This is from an argument by Kevin Drum about the size of banks:
It’s true that I think trying to break up big banks is politically unfeasible, but that’s not the main reason I’m lukewarm on the idea. The main reason is that I think it’s a second-best idea. By far the most fundamental issue in the 2008 meltdown was excessive leverage and inadequate capital. It wasn’t the only problem, but it was absolutely the core one. And I want to focus my energy on facing up to the biggest, most fundamental problem, not a side issue.
Now I agree that the size of banks is of no consequence. In fact, our regulatory structure is the only reason we have such a proliferation of local and regional banks. Our laws favor such institutions…and there is literally no reason (besides lobbying) that this should be so.
However, Drum runs into a lot of trouble by stating that “the most fundamental issue in the 2008 meltdown was excessive leverage and inadequate capital.” He may as well have gone to Waltham, MA and slapped Scott Sumner in the face. But, minus the violence, this assertion is literally at odds with what actually happened in 2008.
If, in fact, leverage and capital were a problem in 2008, then why did the crash not happen until 10 months after the start of the recession? Well, that’s because leverage and capital ratios weren’t the sole problem, it was falling NGDP.
Think about the events of 2008. An ongoing sub-prime mortgage crash, an auto and construction industry crash in a few large markets, and an energy price shock, and its ensuing collapse. All of these events wrought havoc on the balance sheets of both consumers and financial institutions — but the economic consequences remained contained within the markets and industries that were largely affected…that is, until monetary policy became too tight (as signaled by the energy price crash in 2008Q3) relative to the needs of the economy. From 2008Q3 until the end of 2008, forward-looking inflation expectations fell precipitously, as did NGDP (5%, and we haven’t recovered to previous trend!).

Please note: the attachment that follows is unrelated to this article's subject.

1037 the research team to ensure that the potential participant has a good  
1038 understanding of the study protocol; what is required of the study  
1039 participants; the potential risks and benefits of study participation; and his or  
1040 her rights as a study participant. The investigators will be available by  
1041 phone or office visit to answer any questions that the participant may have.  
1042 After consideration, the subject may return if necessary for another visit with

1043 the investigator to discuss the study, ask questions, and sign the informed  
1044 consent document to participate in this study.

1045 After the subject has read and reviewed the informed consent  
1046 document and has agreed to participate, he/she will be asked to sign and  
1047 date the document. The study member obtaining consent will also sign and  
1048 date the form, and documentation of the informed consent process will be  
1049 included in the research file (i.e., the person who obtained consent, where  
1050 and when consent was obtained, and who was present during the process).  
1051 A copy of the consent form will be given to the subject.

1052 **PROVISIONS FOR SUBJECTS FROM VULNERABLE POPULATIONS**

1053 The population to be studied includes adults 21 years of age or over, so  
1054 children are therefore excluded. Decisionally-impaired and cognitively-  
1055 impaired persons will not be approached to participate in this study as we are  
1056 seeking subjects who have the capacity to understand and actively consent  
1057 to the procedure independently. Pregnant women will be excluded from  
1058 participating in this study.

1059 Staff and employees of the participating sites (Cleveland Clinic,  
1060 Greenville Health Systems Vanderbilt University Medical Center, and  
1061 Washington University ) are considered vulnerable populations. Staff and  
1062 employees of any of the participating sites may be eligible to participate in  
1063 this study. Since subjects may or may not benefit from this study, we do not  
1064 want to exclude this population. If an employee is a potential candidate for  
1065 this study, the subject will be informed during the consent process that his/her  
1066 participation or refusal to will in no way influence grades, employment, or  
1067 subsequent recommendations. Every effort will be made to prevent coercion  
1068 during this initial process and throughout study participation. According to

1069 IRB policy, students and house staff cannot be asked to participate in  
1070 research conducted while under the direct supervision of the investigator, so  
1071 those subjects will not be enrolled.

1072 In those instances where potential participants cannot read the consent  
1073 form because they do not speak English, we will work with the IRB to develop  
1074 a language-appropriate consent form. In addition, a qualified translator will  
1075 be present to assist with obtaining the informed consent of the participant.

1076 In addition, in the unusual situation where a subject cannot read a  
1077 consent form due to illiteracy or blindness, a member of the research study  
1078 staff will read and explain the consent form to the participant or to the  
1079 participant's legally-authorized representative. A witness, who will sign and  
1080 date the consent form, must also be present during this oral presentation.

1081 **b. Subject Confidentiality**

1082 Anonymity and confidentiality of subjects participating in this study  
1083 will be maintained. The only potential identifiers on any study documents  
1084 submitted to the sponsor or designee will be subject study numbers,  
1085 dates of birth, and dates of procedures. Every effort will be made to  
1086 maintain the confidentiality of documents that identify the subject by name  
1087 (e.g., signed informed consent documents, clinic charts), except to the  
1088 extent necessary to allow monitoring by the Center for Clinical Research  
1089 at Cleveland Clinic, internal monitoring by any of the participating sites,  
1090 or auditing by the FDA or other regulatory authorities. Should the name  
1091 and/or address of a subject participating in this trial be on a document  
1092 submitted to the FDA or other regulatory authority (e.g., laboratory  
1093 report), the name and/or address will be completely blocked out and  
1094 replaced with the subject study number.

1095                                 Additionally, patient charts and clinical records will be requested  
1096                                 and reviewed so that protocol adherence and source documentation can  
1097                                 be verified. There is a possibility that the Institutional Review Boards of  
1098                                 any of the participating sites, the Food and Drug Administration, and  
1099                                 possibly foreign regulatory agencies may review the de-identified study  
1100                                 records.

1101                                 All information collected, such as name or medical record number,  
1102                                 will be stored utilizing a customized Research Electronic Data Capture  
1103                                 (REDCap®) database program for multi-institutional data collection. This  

The crash happened during the latter period of falling NGDP, not the former period of financial turmoil.
What should financial regulation look like? How about removing branch banking laws? I think the focus on “transparency” is mostly misplaced — but having a strong resolution authority for all financial institutions (or all institutions?) would be a step in the right direction. Such an authority should be governed by hard rules about debt and equity structure (and as far removed from politics as possible).
But the most important part of “financial reform” isn’t much financial at all: redraft the charter so that the Federal Reserve is governed by a contract which states that the institution must set a nominal goal variable, and do everything in their power to hit that variable. Stabilize the growth path of NGDP, and financial panics have a funny way of working themselves out fairly quickly and painlessly.
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Update: The countervailing opinion, courtesy of Bond Girl. Her statements are persuasive if you happen to a) lean to the left, and b) buy into the popular narrative of how the recent recession happened…a narrative that is tenuous, at best.